Subscribe to Here’s the Deal, our politics newsletter for analysis you won’t find anywhere else.
Thank you. Please check your inbox to confirm.
Leave your feedback
With the national foreclosure rate still climbing, some chose to live in foreclosed homes while others have been the victims of "rent skimmers," people who pretend to own a foreclosed property and scam tenants out of thousands of dollars in security deposits and fees. Special Correspondent Jeffrey Kaye reports from Los Angeles.
Now, speaking of housing, here's a report from California on how some people are living in homes already in foreclosure. Special correspondent Jeffrey Kaye reports from Los Angeles.
JEFFREY KAYE, NewsHour correspondent: As a result of the explosion in home foreclosures, increasing numbers of people are living in places they have no legal right to be.
Sometimes occupants simply ignore eviction notices. That was the case here, where sheriff's deputies came with a court order to evict a Los Angeles family from a house now owned by the bank. As family members packed up a few belongings and left, bank representatives put up "No Trespassing" signs and changed the locks.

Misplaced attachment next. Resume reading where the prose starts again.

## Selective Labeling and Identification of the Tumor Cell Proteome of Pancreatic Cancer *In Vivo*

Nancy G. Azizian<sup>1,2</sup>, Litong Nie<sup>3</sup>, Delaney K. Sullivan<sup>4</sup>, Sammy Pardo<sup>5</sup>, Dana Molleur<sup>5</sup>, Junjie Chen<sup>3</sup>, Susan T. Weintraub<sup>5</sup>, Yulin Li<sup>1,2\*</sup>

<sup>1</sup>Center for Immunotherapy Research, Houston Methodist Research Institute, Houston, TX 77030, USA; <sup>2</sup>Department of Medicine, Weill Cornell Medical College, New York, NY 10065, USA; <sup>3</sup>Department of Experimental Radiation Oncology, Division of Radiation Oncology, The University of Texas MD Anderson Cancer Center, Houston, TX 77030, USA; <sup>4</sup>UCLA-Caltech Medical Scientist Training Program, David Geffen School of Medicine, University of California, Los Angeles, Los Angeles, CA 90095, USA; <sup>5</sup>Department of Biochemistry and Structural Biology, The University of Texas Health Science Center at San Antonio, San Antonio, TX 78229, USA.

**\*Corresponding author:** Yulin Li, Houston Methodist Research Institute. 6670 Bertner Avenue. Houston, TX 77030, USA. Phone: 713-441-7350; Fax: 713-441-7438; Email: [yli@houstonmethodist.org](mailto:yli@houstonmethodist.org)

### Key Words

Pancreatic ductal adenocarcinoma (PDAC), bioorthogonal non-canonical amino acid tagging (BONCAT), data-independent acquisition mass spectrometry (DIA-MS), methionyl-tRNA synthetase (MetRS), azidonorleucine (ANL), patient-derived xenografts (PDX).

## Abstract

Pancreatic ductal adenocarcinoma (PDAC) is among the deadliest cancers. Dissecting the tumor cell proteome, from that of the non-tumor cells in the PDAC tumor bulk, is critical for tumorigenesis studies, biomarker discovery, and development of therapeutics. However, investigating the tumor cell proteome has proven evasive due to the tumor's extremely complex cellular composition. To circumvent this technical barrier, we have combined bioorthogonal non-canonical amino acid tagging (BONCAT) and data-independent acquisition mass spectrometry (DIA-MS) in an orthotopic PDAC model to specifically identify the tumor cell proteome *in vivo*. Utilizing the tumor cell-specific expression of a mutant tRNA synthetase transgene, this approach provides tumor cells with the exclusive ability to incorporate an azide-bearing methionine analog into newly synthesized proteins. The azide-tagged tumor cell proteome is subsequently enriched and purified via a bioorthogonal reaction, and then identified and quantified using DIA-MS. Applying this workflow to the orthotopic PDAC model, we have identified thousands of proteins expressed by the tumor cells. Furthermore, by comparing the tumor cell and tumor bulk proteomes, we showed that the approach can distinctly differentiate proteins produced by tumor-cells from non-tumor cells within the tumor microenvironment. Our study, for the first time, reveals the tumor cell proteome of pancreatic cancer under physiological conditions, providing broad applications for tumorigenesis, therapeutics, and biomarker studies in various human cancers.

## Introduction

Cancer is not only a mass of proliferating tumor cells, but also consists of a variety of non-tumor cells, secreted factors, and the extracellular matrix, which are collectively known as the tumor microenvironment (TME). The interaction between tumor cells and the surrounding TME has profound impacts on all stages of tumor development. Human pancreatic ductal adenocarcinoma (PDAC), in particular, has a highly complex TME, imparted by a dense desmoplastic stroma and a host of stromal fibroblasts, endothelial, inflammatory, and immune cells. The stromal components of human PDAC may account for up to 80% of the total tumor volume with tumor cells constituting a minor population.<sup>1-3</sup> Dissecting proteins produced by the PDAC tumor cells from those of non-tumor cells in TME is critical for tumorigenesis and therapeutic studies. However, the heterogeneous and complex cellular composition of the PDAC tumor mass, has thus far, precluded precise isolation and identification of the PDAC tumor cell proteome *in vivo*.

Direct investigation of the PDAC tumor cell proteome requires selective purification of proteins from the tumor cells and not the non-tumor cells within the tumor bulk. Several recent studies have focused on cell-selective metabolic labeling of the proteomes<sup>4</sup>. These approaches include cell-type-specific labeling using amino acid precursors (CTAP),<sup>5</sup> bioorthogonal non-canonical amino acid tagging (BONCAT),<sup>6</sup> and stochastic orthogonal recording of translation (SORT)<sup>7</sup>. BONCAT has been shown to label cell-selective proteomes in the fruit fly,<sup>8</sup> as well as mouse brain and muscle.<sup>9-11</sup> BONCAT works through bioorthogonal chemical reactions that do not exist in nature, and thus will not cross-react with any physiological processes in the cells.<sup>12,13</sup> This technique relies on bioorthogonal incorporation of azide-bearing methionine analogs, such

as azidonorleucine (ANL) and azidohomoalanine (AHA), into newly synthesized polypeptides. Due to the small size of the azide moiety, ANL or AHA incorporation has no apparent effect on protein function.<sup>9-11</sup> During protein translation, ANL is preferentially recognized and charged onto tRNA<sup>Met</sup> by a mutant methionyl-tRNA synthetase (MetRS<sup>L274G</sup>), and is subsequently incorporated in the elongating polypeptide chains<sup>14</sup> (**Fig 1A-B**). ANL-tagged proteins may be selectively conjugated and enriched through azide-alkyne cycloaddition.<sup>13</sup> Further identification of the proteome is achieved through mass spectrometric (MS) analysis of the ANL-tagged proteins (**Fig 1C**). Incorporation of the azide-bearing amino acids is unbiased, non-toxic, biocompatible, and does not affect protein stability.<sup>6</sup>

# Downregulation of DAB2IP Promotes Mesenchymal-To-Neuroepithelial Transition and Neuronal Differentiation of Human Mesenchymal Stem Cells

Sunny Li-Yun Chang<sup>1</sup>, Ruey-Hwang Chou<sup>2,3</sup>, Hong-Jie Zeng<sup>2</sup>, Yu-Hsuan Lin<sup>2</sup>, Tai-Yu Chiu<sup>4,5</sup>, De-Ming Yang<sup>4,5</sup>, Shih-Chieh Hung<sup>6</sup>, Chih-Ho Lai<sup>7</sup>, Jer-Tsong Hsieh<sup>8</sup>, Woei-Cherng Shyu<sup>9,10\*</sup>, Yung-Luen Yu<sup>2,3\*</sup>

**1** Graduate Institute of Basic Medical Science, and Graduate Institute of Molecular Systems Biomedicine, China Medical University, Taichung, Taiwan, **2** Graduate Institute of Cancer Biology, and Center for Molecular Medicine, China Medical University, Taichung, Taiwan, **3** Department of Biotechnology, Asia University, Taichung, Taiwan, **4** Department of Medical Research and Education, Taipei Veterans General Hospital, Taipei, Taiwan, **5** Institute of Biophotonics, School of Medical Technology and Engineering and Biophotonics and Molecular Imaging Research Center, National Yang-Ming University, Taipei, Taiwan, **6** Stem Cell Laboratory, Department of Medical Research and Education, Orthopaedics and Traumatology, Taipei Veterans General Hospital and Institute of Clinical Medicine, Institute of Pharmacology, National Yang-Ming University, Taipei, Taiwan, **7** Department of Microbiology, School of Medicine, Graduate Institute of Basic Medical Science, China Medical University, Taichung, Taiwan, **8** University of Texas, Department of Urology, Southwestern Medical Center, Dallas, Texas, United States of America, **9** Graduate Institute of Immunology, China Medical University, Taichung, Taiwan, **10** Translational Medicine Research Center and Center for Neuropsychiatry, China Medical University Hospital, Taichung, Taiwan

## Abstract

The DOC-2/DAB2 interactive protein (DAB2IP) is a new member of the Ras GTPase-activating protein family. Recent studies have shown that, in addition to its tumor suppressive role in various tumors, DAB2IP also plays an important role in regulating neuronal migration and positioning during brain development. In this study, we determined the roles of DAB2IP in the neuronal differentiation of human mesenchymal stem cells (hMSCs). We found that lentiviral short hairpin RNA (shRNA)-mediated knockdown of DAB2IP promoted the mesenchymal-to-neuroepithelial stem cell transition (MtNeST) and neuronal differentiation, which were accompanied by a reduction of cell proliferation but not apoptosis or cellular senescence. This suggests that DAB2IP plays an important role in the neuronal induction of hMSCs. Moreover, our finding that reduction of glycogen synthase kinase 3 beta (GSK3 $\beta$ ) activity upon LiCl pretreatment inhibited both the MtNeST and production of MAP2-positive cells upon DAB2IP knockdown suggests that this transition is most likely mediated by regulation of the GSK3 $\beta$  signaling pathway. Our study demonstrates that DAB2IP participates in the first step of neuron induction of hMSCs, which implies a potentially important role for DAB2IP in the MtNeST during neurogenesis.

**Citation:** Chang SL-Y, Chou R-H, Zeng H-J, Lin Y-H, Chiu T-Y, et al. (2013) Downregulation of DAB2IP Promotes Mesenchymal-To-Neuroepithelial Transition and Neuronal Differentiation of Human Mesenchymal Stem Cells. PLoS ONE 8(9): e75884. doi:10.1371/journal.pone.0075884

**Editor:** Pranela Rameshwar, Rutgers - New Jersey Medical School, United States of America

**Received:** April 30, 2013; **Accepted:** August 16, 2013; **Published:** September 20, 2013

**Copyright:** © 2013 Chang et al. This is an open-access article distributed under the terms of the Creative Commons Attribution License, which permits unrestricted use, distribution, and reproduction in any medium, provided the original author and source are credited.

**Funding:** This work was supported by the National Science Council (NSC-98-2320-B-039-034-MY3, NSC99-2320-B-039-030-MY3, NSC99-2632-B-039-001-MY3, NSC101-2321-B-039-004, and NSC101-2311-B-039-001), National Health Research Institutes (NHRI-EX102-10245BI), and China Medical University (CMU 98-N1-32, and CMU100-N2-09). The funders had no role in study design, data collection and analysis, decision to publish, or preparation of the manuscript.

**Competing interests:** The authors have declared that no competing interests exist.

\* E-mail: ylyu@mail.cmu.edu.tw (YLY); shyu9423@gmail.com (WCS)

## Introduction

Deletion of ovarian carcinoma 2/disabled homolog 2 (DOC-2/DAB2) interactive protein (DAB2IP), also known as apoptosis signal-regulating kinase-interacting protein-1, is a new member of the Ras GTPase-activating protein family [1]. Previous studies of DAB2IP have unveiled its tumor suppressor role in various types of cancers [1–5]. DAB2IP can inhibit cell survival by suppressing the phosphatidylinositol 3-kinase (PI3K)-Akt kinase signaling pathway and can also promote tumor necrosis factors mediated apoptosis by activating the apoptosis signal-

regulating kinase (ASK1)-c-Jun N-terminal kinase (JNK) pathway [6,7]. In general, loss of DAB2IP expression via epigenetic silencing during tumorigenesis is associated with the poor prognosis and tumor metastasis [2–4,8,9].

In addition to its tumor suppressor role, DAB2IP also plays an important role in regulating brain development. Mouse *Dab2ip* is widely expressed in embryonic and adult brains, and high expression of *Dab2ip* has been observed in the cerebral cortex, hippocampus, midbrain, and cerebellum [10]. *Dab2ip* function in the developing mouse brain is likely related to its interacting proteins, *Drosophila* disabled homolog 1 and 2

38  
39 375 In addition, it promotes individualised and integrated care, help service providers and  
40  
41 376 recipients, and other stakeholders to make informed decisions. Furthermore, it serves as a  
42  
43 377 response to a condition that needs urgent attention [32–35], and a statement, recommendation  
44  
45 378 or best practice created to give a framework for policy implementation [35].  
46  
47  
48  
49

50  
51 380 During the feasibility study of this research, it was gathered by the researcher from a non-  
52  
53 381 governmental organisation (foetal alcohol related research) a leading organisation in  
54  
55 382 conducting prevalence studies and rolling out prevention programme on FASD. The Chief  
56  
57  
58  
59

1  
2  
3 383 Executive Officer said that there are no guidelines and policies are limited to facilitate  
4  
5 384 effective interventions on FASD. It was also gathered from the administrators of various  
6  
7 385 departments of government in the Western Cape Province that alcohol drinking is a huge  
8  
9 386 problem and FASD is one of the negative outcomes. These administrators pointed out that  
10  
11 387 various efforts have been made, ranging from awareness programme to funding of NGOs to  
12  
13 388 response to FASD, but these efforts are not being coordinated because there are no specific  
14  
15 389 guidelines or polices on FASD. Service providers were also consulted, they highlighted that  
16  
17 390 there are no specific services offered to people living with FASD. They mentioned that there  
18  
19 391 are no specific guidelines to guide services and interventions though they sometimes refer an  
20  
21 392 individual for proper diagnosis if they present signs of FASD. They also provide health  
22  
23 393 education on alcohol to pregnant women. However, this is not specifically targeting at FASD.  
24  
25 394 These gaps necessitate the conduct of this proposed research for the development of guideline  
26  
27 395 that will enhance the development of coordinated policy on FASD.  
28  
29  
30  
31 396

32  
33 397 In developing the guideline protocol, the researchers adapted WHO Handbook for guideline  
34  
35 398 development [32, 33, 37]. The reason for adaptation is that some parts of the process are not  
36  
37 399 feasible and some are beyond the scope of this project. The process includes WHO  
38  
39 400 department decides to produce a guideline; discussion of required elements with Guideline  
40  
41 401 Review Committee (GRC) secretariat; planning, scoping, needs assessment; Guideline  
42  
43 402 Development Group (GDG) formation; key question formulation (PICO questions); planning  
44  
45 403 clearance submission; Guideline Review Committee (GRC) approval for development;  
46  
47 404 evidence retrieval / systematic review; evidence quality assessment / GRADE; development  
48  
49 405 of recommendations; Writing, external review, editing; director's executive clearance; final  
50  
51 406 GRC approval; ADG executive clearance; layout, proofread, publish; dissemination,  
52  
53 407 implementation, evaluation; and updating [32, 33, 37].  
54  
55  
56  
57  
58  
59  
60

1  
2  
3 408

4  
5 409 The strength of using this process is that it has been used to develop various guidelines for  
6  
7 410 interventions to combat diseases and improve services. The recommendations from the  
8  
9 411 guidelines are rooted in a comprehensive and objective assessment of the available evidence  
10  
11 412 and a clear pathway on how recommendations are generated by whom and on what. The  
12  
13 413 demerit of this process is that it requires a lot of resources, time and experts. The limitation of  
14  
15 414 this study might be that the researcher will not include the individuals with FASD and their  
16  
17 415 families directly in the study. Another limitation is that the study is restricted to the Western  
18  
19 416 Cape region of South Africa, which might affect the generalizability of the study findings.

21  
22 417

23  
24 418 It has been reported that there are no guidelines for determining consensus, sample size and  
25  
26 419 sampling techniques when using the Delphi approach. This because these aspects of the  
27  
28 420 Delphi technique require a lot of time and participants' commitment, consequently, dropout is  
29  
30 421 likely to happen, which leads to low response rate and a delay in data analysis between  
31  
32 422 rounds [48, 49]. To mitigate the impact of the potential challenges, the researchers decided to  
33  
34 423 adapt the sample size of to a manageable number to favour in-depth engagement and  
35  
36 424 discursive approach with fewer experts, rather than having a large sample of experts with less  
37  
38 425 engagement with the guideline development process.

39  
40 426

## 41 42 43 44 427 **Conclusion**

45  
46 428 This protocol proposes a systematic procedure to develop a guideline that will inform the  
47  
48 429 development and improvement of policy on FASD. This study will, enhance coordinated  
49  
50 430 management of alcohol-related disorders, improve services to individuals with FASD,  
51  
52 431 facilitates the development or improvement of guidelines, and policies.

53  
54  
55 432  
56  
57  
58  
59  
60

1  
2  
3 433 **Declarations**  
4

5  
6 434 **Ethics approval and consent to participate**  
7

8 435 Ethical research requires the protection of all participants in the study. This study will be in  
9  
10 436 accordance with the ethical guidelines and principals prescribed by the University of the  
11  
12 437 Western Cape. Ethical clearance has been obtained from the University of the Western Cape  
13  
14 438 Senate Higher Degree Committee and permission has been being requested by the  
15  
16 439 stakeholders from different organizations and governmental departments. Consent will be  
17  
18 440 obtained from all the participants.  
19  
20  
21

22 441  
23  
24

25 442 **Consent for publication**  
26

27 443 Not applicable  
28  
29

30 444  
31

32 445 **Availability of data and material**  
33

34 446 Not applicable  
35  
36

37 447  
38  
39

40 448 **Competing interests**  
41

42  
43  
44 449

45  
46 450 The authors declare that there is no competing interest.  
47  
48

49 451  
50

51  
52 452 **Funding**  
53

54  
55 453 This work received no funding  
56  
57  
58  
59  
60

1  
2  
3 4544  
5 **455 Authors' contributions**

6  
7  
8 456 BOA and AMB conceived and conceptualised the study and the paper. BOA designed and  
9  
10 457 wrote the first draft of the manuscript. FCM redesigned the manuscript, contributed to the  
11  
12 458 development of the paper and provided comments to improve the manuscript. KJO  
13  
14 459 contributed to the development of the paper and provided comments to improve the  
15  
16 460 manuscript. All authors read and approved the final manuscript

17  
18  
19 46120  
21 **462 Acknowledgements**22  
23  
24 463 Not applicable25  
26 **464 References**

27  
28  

The eviction was arranged by real estate agent Stephanie Vitacco.
STEPHANIE VITACCO, real estate agent: I'm going to need you to go into the kitchen and get a big bag.
Vitacco manages and sells properties taken over by banks. Last year nationally, there were foreclosure filings on 2.3 million properties.
The crisis, exacerbated by job losses, appears to be deepening. In California last month, there was one foreclosure notice for every 165 homes.
The banks can't sell property if there's stuff or people inside, so Vitacco often spends her days driving from one house to another, making sure they're empty and secure.
This home appeared to be vacant.
It looks mostly empty.
Vitacco posted notices, but then saw a neighbor park a car on the property.
Excuse me. Do you live here?
Oh, OK. You can't park here.
No, any cars here will be towed. This is owned by the bank.
Vitacco tries to make sure the houses are locked up, but often people break in.
They take the toilets. I don't know why they take the toilets. I don't know where all the toilets go.
Support Provided By:
Additional Support Provided By: